On the twenty-seventh of September 1921, Dora Black and Bertrand Russell were married at Battersea Town Hall. For twenty-eight year old Dora, this was the first of two marriages. For Bertrand, who was almost fifty, it was the second of four. While Dora was still unknown, Bertrand Russell was famous, as a mathematician and philosopher, as an anti-war activist, and as an aristocrat. The Registrar knew that Russell had been married before and "wished [him] 'a happier experience'." (2)
Many years later in The Tamarisk Tree: My Quest for Liberty and Love, her first and most successful volume of autobiography, Dora Russell would write about this wedding day. We know that this bride wore black, for in her own description of the event she speaks of herself as "rather large in a black cloak." (3) She was almost nine months pregnant, and would give birth to her first child in November. She tells us that she carried a bunch of sweet peas to this Registry Office wedding. Not the traditional bridal bouquet but flowers, nonetheless. The couple's witnesses were the distinguished historian Eileen Power and Bertrand's brother Frank. Afterwards the four of them went for tea at a nearby cafe.
In this paper I offer an interpretation of this marriage, which would end fewer than fifteen years later in an acrimonious divorce at a time when divorce was still uncommon in Great Britain and not easy to obtain. I ask what each party expected of the marriage, I speculate on why it fell apart, and I comment on the intersections between the public activities and the private experience of both Russells, but especially of Dora.
I am interested in this heterosexual union for its own sake and also for what it can tell us more generally about British interwar heterosexual couples in marriage and divorce, and as parents. How do discussions of marriage, love, and sex--both contemporary discussions and more recent ones--help us situate this marriage and this couple? How does the specific experience of the Russells as a couple, and of Dora Black Russell as an individual, help us understand early twentieth-century discourse about heterosexual relationships? How does it confirm or challenge recent historiographical analyses?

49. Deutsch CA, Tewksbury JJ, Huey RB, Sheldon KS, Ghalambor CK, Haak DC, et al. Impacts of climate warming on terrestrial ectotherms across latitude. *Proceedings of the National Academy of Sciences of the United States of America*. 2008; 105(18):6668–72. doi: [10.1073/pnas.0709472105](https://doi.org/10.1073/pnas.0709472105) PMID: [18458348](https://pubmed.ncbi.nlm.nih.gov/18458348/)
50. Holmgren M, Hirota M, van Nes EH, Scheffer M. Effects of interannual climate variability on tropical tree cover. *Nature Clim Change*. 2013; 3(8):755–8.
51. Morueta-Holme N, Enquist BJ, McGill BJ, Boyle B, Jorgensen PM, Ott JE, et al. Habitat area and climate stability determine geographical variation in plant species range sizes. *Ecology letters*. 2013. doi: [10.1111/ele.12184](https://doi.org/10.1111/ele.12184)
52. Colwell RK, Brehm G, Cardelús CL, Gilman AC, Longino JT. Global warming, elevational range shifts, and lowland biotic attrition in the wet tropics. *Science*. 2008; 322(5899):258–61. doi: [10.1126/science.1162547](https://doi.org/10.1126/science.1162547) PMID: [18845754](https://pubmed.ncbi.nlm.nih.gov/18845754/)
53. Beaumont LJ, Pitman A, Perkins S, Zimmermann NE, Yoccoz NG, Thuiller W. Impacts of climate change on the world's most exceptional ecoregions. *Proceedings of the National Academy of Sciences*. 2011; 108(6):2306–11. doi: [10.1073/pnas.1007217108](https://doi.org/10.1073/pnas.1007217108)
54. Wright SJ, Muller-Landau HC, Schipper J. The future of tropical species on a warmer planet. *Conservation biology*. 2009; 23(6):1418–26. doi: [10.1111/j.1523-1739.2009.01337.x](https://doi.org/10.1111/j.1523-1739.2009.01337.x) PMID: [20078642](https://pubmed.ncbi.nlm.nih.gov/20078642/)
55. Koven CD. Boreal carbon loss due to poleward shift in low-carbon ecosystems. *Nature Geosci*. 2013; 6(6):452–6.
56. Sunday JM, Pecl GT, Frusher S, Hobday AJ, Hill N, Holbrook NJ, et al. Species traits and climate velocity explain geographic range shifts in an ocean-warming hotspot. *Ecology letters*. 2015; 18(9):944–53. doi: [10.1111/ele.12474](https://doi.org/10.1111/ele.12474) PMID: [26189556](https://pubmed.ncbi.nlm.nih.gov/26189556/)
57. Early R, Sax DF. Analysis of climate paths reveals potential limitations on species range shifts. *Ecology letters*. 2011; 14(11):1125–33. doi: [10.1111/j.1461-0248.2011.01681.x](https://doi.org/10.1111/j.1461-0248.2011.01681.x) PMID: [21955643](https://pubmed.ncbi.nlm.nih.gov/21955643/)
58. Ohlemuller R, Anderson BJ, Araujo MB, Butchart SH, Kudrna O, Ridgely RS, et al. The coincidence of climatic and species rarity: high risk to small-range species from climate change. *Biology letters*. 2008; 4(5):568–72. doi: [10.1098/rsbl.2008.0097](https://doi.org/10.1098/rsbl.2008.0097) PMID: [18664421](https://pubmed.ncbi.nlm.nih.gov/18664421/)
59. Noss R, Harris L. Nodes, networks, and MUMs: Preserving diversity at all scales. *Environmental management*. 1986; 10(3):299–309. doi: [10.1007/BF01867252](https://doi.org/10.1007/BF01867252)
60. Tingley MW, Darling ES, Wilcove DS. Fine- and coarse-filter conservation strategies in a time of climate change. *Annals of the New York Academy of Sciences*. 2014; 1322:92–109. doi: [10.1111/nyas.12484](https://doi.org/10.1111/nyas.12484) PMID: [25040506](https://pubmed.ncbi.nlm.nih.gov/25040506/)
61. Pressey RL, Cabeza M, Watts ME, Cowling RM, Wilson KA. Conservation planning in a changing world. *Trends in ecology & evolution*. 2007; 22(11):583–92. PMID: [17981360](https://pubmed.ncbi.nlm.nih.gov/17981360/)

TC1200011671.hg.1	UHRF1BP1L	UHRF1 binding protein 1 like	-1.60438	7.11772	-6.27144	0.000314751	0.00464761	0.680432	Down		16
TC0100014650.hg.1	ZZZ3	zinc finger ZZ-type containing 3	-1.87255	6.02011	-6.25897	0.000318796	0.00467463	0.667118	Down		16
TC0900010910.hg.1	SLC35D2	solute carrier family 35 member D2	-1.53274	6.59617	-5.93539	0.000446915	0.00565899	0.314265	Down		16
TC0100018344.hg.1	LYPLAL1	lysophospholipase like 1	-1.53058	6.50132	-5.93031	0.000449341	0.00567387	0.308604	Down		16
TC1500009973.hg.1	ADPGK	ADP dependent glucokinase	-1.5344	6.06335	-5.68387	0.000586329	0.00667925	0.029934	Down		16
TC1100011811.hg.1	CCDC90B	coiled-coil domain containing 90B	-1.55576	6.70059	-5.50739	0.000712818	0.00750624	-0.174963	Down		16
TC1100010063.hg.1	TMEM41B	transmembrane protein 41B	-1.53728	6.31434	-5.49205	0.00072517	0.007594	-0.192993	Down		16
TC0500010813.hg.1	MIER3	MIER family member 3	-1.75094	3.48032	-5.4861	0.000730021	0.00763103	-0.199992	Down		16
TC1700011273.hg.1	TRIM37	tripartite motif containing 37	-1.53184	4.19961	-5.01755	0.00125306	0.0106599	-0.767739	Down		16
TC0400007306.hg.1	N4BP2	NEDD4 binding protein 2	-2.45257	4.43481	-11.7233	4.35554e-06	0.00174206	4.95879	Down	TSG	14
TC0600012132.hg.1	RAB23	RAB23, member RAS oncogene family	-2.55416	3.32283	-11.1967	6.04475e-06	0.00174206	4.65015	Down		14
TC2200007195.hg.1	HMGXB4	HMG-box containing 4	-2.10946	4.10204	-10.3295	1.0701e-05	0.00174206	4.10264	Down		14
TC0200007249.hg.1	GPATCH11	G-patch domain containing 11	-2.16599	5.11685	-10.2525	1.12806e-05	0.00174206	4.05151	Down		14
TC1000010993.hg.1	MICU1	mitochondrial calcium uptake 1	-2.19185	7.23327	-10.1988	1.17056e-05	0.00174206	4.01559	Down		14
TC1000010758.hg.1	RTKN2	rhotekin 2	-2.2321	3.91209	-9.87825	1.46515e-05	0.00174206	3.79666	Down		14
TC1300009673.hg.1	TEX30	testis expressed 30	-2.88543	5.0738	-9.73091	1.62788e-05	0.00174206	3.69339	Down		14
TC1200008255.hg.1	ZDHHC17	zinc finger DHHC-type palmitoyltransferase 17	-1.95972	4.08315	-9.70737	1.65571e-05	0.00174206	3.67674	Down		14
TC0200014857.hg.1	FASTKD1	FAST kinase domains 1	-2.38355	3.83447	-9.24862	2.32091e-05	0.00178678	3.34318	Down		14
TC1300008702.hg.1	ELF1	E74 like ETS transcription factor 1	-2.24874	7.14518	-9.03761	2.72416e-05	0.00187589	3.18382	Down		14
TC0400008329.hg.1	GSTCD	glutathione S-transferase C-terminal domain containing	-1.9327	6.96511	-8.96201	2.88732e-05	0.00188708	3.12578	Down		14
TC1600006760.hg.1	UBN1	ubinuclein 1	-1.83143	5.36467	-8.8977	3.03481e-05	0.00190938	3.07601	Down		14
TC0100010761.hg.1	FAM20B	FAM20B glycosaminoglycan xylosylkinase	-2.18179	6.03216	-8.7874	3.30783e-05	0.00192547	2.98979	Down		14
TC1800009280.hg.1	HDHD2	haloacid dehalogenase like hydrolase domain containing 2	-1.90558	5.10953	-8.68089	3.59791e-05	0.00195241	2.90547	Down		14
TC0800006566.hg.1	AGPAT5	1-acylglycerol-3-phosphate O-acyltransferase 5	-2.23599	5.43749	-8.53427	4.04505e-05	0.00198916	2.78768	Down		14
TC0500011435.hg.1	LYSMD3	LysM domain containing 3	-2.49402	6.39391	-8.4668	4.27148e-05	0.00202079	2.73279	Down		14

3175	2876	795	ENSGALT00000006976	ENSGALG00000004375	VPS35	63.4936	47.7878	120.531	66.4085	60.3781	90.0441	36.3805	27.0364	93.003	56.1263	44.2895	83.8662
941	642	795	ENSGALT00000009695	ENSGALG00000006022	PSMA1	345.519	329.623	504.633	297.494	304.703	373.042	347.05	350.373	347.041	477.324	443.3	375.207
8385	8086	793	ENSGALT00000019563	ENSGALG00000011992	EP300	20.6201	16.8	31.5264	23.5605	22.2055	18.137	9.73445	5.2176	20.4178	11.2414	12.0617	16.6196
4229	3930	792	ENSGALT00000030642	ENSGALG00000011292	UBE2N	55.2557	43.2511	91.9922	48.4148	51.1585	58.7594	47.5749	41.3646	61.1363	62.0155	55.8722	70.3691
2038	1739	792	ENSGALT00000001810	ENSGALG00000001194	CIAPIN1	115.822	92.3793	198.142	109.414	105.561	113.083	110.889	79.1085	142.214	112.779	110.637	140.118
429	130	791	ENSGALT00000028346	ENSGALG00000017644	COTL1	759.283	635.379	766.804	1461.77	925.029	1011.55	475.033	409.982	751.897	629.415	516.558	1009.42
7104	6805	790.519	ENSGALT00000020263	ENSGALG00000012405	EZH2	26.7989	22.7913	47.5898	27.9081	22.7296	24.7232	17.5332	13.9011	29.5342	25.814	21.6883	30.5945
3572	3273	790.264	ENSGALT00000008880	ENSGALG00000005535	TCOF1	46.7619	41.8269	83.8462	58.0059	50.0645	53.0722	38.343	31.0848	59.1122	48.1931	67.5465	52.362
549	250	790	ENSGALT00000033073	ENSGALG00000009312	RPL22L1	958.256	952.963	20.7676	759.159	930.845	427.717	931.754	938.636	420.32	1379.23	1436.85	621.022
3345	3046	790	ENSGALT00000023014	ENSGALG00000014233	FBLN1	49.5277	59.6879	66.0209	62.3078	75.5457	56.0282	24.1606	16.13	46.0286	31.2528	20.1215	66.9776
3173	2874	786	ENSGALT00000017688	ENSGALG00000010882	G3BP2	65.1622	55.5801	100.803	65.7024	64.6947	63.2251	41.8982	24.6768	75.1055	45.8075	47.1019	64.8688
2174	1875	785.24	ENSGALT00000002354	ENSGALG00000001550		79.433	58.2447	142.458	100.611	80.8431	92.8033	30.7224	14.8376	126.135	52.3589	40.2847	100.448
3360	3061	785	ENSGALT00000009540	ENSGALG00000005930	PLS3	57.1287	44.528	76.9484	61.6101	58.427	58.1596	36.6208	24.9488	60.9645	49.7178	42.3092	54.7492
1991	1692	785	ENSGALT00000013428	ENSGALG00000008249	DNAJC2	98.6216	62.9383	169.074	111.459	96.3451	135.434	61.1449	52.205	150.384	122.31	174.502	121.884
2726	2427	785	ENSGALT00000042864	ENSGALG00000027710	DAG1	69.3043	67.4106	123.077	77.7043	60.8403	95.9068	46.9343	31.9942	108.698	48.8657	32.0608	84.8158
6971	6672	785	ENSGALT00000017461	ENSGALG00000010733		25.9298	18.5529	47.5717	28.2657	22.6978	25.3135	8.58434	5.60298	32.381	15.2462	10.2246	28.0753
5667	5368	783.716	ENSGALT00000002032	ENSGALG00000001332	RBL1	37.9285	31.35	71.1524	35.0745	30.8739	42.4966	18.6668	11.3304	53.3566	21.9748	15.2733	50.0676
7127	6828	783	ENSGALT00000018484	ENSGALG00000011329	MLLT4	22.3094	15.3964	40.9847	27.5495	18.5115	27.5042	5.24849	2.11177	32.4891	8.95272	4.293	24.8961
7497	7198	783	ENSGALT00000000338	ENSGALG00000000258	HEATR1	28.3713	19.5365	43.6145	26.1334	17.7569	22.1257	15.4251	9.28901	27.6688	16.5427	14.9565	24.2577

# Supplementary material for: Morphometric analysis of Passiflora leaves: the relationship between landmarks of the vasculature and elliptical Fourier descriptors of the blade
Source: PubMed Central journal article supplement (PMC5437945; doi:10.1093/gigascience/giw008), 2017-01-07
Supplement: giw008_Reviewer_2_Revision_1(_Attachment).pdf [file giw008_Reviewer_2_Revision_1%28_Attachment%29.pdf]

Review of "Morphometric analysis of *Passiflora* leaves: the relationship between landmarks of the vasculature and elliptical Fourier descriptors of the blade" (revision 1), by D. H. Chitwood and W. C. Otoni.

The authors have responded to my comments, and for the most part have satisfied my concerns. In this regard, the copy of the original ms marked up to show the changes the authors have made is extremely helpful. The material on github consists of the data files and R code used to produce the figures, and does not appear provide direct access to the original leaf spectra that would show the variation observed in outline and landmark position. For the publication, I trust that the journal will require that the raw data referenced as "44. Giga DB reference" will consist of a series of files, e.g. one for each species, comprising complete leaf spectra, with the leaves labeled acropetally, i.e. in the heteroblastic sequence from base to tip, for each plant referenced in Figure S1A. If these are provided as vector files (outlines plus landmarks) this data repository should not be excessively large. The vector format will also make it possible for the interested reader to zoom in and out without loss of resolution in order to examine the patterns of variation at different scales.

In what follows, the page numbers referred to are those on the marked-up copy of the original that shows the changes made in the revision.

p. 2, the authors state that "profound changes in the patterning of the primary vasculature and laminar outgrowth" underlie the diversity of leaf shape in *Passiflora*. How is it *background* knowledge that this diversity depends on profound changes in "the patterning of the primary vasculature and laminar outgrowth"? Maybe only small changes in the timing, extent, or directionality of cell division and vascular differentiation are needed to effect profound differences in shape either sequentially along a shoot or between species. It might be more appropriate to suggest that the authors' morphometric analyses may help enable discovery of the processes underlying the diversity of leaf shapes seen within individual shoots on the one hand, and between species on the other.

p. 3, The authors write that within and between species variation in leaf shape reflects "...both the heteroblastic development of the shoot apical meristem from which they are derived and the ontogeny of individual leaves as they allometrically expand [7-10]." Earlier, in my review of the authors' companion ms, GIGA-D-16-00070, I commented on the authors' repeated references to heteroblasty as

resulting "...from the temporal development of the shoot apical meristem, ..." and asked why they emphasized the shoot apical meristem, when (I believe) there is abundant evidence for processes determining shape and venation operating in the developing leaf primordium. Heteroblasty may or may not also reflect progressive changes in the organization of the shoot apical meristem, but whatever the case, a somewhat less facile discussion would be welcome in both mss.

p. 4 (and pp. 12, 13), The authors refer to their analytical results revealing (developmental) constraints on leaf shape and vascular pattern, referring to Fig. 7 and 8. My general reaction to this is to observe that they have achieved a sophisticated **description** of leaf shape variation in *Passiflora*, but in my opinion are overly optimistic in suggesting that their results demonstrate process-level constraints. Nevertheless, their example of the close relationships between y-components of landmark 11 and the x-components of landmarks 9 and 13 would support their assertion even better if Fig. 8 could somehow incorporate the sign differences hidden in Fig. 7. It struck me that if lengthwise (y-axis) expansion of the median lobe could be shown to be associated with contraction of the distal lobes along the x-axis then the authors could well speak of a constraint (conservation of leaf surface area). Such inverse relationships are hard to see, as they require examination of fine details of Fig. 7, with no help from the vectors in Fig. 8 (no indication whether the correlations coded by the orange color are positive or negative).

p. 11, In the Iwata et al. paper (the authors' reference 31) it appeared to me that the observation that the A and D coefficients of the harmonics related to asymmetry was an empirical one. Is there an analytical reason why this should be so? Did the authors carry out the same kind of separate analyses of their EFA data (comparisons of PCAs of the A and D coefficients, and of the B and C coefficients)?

Questioning and analyzing social relationships is a characteristic of modernism in Britain and elsewhere. Indeed, a distinguishing feature of modern marriage, I would suggest, is the assumption that it can and should be examined. Such scrutiny and analysis flowed directly from the rise of the disciplines of sociology and psychology, but also from debates concerning gender.
The fact that marriage was defined and analyzed during the early twentieth century does not mean that most marriages were "modern." In Britain, as elsewhere, most marriages in fact remained "traditional," especially with respect to gender relations. Male privilege, or what feminist sociologist Jessie Bernard would term in 1972 "the institutional prescription of superiority" to men, remained central. (4) Accordingly, most British couples of all social classes established marriages in which patterns of male dominance and female passivity continued to be the norm, as they had been in the nineteenth century and earlier. The work of historians like Lesley Hall, Marcus Collins, and Kate Fisher, all of whom endeavour to illuminate the personal and sexual lives of the relatively Voiceless in early twentieth-century Britain, confirms the continuation of such traditional patterns. (5)
But the marriage--if not the wedding--of Bertrand and Dora Russell was one of several notable exceptions to this rule. This was the heterosexual union of two highly educated intellectuals. The man was a towering figure. The woman was exceptional even before her marriage. They both thought of themselves as modern. Dora, in particular, defined herself as a modern feminist, as a modern mother, and as a modernist sexual pioneer.
Avant-garde intellectual unions of the early twentieth century are more accessible to the historian and literary critic than the mass of ordinary, anonymous marriages. …